This comes to about $300; you may be able to do better if you’re good at shopping. If you cook regularly, it’ll pay for itself in a month.
A note or two about knives: You get what you pay for. Cheaper knives dull more often, and they’re about all you can afford–so if you don’t want to make cooking a pain, sharpen them every time you go to use them, and replace them when you’re better off financially. Also, some knives are better designed than others. When you look at a knife, ask yourself: how easy would it be for this to come apart? A common point where they might wear out is between the blade and the handle. How secure does the connection look? Better yet, if you find “full-tang” knives where the metal of the blade extends through the handle, and they’re close to being within your price range, grab them. They are valuable. They’re more stable, better balanced, and more durable than cheaper knives.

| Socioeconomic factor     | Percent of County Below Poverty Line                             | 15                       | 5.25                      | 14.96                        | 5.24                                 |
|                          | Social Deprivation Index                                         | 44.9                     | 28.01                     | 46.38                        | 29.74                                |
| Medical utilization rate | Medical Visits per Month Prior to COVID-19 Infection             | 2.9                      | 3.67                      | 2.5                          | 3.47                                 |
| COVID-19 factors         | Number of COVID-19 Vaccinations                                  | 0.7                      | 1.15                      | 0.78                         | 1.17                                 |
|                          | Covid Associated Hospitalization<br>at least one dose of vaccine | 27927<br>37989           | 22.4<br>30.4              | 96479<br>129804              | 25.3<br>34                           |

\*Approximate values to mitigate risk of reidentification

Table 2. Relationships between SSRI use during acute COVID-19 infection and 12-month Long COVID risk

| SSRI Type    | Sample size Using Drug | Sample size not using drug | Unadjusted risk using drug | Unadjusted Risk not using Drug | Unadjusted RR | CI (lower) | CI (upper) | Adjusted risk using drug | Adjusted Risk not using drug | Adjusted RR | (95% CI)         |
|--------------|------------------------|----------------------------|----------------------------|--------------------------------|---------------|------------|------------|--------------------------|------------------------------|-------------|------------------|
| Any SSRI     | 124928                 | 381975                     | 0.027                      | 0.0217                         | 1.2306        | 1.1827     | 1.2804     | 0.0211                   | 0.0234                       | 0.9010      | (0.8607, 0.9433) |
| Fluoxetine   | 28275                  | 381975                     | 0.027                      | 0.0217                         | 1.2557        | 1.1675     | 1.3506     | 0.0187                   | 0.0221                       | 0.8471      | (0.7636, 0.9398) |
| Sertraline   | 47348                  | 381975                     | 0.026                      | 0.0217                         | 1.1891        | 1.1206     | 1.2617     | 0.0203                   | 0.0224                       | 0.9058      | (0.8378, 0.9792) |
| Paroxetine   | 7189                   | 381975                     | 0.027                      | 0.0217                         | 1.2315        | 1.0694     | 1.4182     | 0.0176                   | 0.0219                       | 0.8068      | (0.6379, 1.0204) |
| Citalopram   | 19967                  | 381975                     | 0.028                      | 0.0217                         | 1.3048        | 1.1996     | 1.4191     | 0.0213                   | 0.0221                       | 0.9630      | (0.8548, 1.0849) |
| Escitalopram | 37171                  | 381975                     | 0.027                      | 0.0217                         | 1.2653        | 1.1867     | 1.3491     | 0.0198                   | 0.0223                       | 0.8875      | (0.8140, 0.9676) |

Also, don’t ever put your knives in the dishwasher. It’ll ruin them, no matter their price.
Here’s the list of things you should NOT buy:
Anything that does only one thing and takes up space in your kitchen. I don’t care how cute the “spoon rest” or the “scrambled egg mixer” is; you don’t want to waste money buying them, and you don’t want to clutter your apartment keeping them. Unless you have a professional mashed-potato business, you do not need a potato masher. Besides, it’d just get stuck in your drawers. If you do get one because it’s part of a cheap set, chuck it, recycle it, or donate it rather than trying to work around it. These things are a net loss to have around and a real waste of plastic.
Also, don’t bust your budget getting a stand mixer until you’re sure you like cooking. Even if you really take to the culinary arts, you may want to let your parents buy a nice one for you for Christmas.
Cooking tools are an investment, but they pay off. Not only will you take a weight off your budget–which I know sounds ironic because I just told you to drop up to $300 on cooking stuff if you don’t have a thrift store nearby–but you’ll also make friends if you can cook. And, of course, it’s considered very attractive by potential mates. ;)
Also check out our post on pantry essentials